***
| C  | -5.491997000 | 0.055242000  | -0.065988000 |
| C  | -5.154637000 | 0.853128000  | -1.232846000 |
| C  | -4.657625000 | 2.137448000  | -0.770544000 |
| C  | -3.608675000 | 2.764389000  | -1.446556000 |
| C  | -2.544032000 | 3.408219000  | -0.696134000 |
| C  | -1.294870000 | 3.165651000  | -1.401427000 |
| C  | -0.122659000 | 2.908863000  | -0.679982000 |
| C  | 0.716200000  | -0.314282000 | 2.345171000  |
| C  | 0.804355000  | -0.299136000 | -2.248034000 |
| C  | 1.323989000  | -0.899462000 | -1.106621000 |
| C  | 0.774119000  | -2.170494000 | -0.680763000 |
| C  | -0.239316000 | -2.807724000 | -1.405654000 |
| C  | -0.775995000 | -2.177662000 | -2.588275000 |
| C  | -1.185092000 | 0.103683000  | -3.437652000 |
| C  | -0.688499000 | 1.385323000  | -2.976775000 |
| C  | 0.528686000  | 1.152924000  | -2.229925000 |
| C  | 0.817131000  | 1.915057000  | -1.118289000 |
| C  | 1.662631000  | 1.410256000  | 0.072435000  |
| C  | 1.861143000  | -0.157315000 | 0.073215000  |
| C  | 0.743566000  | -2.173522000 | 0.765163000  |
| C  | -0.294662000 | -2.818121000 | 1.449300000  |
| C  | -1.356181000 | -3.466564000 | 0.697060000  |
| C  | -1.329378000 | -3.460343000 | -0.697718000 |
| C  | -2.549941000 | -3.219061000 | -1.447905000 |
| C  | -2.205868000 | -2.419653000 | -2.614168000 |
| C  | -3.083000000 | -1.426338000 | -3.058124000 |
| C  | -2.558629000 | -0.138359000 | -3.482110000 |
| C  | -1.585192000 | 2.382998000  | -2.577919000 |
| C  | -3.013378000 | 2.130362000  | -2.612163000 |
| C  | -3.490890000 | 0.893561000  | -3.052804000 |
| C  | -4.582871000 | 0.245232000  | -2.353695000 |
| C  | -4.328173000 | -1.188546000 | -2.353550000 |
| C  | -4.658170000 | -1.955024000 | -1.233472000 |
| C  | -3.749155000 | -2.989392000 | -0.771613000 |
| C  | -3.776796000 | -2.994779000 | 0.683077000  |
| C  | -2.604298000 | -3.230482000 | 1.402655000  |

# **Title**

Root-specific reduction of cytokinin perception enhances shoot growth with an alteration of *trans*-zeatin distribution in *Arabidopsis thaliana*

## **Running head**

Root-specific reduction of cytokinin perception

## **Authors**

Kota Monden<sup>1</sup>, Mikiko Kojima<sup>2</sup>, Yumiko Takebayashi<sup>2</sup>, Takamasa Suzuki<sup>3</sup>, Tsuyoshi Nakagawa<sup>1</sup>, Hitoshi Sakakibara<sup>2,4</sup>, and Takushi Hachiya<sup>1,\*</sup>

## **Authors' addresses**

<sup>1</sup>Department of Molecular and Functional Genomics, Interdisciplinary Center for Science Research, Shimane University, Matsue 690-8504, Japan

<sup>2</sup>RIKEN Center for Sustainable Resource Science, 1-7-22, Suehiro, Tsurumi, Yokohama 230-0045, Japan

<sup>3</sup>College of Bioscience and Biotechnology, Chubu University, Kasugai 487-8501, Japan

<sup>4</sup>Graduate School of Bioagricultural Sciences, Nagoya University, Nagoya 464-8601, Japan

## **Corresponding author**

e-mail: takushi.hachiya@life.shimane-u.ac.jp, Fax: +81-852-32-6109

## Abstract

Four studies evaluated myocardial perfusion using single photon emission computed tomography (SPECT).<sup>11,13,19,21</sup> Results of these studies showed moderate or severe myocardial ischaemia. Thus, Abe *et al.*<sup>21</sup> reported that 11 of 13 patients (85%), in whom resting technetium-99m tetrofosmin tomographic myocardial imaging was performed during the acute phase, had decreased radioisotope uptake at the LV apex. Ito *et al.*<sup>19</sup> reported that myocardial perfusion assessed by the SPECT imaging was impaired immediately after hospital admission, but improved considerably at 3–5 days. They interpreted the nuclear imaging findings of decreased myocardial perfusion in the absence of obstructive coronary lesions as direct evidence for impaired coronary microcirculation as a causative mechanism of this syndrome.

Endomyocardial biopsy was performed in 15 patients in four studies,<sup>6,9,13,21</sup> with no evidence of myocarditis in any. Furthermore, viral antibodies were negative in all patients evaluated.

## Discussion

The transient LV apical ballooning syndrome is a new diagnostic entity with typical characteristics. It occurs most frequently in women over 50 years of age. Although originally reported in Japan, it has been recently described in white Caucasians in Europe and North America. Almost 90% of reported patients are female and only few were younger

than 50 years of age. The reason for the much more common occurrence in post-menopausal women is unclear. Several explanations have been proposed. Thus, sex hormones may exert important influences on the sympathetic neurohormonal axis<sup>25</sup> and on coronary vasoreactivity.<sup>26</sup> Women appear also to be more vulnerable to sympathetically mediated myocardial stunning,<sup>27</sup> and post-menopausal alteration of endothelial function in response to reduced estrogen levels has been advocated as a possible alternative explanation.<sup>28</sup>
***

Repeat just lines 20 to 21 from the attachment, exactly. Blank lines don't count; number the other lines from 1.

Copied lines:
| C  | 0.743566000  | -2.173522000 | 0.765163000  |
| C  | -0.294662000 | -2.818121000 | 1.449300000  |